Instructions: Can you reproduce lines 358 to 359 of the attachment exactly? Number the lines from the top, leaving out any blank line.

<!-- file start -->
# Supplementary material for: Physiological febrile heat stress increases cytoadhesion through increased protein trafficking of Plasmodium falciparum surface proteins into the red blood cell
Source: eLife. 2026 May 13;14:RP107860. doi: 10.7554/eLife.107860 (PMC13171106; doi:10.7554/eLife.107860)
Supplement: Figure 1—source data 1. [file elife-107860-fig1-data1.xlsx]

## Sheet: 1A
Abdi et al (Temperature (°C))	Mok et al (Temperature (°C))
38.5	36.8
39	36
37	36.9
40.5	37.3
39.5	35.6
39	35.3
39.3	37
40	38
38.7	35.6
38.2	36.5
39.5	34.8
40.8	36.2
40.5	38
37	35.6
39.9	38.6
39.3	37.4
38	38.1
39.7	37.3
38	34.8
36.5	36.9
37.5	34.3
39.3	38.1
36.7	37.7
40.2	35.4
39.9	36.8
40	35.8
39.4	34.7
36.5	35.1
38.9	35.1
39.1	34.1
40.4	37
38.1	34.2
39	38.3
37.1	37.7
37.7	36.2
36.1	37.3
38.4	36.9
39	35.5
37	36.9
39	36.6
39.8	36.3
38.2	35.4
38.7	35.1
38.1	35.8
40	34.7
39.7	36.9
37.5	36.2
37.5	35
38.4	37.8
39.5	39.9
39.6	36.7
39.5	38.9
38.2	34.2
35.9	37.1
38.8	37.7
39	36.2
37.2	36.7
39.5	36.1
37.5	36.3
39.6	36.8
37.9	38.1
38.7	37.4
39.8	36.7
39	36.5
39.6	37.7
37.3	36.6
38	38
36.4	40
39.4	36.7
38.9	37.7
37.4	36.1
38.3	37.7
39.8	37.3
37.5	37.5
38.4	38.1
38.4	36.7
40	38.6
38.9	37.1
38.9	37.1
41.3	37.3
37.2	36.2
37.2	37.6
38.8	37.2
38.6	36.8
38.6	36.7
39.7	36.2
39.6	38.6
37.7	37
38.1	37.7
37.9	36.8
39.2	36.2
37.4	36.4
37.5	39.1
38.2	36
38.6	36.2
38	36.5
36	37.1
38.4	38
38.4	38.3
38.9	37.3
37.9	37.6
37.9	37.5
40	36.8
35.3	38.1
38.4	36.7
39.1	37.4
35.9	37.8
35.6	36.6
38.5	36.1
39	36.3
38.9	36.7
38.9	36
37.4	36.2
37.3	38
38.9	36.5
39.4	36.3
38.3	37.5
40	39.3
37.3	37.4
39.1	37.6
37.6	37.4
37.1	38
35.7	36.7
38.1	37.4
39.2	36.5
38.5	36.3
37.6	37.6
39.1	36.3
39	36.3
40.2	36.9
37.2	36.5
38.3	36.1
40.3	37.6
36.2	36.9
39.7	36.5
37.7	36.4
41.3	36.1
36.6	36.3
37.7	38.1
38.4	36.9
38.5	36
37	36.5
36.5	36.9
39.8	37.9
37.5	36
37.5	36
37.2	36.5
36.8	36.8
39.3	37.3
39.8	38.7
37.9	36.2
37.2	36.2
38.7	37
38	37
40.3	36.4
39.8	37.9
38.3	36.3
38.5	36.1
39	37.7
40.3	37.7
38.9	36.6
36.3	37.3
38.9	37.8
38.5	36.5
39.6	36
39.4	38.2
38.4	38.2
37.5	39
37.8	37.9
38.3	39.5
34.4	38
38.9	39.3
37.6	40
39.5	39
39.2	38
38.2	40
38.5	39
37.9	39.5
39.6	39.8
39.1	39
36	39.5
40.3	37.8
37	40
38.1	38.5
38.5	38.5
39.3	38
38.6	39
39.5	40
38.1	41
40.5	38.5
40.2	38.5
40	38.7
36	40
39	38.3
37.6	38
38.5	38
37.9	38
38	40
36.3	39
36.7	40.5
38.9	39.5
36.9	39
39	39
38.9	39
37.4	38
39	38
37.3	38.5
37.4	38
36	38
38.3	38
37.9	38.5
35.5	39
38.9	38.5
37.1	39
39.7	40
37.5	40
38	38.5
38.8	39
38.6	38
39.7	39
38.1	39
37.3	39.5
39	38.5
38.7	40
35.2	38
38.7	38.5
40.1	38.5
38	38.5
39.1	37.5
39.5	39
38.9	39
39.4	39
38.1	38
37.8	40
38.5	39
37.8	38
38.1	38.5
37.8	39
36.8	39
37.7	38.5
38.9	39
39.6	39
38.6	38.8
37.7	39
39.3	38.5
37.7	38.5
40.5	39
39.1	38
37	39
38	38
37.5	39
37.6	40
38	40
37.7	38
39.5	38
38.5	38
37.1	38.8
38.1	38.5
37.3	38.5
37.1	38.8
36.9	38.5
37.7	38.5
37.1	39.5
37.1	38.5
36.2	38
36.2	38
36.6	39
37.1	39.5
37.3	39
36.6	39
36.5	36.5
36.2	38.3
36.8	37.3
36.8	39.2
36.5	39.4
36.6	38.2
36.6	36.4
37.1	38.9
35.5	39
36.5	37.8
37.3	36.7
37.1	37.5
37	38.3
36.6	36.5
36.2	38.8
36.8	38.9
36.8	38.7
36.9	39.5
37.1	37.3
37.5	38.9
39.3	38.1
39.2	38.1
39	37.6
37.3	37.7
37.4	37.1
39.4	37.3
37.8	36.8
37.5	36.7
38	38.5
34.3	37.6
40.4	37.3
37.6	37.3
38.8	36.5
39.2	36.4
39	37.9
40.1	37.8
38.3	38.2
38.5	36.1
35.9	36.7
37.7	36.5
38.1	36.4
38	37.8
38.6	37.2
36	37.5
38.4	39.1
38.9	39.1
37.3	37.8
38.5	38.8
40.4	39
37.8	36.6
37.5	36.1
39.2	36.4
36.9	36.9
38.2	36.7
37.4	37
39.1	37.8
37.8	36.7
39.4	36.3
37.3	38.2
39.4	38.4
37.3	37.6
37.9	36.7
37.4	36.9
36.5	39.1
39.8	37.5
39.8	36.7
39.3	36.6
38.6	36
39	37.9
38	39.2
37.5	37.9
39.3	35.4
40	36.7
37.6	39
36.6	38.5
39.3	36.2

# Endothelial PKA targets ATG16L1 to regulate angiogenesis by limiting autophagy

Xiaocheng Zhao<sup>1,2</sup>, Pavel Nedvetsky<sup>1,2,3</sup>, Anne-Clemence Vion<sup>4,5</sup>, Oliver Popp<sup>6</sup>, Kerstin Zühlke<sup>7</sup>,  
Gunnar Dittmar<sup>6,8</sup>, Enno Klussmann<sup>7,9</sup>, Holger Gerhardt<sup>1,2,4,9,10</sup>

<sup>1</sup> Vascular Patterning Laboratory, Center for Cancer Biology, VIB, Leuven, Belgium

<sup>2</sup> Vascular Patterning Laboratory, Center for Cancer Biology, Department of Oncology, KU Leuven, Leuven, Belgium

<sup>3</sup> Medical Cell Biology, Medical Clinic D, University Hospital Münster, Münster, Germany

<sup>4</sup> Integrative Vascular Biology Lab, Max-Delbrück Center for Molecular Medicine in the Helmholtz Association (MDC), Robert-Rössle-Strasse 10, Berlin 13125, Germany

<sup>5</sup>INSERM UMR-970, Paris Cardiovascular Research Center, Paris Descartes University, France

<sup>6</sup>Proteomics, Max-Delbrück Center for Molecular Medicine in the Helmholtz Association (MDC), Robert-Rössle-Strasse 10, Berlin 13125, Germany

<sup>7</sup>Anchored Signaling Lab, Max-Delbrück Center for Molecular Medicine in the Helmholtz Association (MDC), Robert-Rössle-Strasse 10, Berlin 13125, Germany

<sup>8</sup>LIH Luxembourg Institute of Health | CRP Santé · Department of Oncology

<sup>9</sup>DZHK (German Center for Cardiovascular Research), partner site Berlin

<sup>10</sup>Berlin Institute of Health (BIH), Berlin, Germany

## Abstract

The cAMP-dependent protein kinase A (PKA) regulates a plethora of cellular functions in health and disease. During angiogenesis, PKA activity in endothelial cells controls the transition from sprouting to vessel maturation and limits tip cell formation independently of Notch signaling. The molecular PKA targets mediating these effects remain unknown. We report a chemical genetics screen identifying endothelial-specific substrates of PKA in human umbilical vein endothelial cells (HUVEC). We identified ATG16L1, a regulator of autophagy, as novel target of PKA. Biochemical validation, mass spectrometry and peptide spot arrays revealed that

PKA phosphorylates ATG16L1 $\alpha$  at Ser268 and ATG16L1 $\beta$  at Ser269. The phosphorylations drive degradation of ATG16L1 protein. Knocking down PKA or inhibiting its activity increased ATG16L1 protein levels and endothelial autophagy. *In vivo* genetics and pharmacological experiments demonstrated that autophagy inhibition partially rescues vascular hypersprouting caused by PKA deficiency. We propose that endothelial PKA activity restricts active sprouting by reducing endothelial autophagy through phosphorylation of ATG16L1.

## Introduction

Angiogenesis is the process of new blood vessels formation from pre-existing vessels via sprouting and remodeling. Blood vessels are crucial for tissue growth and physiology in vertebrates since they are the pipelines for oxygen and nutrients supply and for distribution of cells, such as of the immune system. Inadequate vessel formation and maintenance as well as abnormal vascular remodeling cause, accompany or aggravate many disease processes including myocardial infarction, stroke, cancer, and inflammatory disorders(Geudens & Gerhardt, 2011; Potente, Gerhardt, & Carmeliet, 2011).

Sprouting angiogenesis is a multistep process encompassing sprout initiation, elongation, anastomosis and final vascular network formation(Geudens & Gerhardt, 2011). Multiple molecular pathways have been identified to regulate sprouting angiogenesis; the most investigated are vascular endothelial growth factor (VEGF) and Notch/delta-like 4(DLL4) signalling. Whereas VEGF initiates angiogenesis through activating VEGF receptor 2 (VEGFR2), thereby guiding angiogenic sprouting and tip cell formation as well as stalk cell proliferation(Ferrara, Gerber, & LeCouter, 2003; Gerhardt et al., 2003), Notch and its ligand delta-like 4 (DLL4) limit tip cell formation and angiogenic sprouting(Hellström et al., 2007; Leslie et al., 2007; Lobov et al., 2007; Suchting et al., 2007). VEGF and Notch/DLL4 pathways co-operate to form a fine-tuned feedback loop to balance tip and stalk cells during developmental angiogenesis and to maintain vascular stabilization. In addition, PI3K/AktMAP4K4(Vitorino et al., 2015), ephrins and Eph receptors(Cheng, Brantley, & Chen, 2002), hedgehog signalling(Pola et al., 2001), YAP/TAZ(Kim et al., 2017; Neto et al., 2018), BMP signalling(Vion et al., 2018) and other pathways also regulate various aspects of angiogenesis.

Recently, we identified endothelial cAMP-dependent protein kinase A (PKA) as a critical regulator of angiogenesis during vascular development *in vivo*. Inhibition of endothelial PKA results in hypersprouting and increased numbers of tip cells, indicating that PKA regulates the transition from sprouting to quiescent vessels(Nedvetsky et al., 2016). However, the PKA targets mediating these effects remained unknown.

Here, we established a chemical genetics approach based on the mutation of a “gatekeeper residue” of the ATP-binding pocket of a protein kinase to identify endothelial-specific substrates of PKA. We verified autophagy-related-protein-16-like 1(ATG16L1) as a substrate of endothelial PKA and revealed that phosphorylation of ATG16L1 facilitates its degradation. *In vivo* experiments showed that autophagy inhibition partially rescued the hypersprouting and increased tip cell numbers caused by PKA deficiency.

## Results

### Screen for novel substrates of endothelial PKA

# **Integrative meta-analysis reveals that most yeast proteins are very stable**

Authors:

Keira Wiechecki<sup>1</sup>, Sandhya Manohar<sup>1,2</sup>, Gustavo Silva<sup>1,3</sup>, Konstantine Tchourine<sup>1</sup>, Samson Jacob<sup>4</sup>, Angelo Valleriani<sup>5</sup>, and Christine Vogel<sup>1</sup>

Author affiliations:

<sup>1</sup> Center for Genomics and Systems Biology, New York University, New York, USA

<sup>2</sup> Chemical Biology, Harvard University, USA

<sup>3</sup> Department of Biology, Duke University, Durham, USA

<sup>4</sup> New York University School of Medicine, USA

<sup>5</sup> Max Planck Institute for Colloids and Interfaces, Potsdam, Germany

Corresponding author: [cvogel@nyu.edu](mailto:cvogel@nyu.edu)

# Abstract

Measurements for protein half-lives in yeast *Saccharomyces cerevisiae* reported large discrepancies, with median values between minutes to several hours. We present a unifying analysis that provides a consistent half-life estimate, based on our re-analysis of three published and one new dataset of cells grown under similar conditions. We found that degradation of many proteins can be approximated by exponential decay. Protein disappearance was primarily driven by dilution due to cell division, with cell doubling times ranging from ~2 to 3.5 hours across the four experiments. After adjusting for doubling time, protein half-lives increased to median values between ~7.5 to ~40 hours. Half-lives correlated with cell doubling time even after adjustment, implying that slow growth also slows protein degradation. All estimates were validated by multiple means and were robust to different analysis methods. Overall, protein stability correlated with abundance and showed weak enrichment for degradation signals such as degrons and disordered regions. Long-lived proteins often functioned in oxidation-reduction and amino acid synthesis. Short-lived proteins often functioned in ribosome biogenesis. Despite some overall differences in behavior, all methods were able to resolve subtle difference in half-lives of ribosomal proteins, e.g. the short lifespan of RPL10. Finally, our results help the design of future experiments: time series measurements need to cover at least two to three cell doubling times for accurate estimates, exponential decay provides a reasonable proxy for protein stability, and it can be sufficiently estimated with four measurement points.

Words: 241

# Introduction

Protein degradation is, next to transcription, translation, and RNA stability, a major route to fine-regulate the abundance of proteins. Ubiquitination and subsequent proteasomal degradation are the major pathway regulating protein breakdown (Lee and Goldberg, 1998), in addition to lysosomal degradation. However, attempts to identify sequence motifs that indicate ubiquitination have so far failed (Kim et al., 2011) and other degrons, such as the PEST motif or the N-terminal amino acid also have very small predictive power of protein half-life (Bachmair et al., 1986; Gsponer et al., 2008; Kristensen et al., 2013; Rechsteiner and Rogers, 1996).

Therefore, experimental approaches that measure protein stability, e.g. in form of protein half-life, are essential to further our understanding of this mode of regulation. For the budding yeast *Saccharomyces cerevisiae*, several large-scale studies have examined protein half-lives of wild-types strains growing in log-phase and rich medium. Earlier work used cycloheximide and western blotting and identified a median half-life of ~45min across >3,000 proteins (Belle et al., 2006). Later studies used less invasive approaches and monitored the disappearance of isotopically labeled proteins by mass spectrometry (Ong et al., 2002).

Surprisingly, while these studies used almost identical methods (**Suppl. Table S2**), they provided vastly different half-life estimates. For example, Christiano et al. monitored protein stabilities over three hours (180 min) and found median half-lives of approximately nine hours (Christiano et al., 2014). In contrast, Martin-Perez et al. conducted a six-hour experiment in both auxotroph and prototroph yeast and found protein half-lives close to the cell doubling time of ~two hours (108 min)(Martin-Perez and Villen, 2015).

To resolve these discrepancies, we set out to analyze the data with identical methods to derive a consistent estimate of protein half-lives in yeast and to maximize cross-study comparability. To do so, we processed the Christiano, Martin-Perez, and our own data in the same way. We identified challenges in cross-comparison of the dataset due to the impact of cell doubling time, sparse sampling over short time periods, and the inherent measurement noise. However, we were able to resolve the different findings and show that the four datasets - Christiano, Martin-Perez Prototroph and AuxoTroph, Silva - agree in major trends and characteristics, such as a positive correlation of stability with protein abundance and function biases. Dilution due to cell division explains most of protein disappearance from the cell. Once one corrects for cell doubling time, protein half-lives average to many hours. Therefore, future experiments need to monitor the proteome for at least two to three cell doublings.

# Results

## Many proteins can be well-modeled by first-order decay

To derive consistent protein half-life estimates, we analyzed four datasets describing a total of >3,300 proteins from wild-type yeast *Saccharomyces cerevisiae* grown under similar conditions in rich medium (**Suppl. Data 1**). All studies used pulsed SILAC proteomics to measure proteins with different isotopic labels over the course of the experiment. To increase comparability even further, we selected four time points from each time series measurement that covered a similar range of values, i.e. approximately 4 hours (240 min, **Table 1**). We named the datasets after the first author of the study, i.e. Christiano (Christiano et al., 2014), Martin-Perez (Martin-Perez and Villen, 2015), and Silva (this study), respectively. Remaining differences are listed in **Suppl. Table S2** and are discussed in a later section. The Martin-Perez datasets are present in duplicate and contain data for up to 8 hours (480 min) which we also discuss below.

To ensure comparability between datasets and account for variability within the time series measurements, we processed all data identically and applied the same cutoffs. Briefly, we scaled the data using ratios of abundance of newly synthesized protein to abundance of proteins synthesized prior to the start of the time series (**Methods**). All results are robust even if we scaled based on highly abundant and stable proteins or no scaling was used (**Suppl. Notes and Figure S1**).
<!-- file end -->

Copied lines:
<sup>4</sup> Integrative Vascular Biology Lab, Max-Delbrück Center for Molecular Medicine in the Helmholtz Association (MDC), Robert-Rössle-Strasse 10, Berlin 13125, Germany

<sup>5</sup>INSERM UMR-970, Paris Cardiovascular Research Center, Paris Descartes University, France